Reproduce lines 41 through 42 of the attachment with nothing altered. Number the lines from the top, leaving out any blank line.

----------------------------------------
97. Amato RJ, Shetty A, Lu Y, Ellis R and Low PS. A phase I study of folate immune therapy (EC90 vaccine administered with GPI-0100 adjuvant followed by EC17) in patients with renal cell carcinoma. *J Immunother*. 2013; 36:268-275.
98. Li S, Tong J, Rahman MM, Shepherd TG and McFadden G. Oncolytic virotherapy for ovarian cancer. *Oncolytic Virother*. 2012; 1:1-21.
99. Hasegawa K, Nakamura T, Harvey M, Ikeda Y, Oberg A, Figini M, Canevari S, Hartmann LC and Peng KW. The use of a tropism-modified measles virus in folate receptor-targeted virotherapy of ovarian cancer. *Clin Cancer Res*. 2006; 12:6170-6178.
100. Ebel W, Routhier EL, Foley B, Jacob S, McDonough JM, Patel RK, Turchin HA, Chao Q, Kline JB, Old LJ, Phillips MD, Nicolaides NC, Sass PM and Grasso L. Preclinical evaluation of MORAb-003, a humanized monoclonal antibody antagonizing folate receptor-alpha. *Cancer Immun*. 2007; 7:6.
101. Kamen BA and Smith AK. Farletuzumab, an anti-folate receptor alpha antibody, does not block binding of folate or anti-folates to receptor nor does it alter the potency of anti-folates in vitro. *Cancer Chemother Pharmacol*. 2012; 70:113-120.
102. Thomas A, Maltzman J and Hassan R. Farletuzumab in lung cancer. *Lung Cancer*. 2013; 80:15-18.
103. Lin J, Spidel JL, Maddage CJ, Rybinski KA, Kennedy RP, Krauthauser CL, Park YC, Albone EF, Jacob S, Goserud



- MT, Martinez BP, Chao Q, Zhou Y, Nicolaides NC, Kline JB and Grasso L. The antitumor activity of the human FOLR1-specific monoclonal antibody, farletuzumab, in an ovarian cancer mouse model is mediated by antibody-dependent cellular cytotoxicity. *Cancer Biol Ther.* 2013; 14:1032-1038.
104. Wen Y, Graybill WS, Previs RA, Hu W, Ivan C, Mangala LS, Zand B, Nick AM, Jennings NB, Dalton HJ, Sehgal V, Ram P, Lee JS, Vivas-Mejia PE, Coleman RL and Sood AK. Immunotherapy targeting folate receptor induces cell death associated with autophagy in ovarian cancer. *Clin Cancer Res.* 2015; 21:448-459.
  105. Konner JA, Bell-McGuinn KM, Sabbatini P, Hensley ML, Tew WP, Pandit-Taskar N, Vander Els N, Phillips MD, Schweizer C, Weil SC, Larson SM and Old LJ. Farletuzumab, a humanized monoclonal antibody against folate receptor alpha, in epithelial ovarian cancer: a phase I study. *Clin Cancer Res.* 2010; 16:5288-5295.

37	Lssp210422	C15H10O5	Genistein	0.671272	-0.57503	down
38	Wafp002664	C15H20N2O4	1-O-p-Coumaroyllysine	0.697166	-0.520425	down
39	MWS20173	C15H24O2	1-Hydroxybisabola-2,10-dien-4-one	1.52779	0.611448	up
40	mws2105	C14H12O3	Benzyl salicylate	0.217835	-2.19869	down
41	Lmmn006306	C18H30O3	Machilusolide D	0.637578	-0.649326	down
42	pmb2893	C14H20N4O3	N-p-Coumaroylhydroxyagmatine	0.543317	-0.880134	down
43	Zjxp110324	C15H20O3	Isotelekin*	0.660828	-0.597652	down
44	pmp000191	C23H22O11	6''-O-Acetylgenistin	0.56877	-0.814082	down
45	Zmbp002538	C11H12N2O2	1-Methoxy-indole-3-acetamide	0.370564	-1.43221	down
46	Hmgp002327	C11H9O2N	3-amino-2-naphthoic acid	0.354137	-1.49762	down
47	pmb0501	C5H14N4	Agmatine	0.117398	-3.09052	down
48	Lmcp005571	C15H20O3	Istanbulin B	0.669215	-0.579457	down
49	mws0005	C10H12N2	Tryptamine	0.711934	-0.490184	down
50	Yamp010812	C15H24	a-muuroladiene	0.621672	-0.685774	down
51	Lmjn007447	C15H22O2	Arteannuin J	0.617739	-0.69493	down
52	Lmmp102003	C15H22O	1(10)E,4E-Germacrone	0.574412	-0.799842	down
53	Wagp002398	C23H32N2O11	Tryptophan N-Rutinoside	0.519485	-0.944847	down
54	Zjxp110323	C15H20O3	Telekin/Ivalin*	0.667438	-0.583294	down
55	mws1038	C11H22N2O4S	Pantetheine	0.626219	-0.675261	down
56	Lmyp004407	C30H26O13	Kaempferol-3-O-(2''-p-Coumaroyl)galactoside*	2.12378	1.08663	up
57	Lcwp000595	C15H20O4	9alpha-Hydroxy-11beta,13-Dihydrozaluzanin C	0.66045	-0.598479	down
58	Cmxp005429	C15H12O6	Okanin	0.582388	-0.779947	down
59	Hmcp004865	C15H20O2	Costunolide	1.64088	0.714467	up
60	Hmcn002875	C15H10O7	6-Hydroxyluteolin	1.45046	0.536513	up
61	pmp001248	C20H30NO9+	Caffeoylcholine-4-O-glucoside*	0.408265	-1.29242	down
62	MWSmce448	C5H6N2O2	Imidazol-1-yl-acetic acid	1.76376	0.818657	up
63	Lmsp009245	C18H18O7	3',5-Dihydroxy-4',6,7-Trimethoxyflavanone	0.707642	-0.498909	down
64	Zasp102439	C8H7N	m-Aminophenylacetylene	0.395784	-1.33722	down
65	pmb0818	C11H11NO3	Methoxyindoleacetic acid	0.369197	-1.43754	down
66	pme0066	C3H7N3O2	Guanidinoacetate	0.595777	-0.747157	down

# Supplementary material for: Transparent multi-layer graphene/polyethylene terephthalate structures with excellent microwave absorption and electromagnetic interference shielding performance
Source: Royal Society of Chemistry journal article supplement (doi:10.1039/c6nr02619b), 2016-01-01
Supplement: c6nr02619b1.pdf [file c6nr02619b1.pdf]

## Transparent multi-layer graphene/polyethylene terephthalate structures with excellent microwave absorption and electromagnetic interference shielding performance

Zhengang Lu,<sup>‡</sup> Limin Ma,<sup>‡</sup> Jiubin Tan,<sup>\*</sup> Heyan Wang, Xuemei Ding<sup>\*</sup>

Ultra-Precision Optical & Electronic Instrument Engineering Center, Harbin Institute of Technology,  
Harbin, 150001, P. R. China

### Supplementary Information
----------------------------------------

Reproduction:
# Supplementary material for: Transparent multi-layer graphene/polyethylene terephthalate structures with excellent microwave absorption and electromagnetic interference shielding performance
Source: Royal Society of Chemistry journal article supplement (doi:10.1039/c6nr02619b), 2016-01-01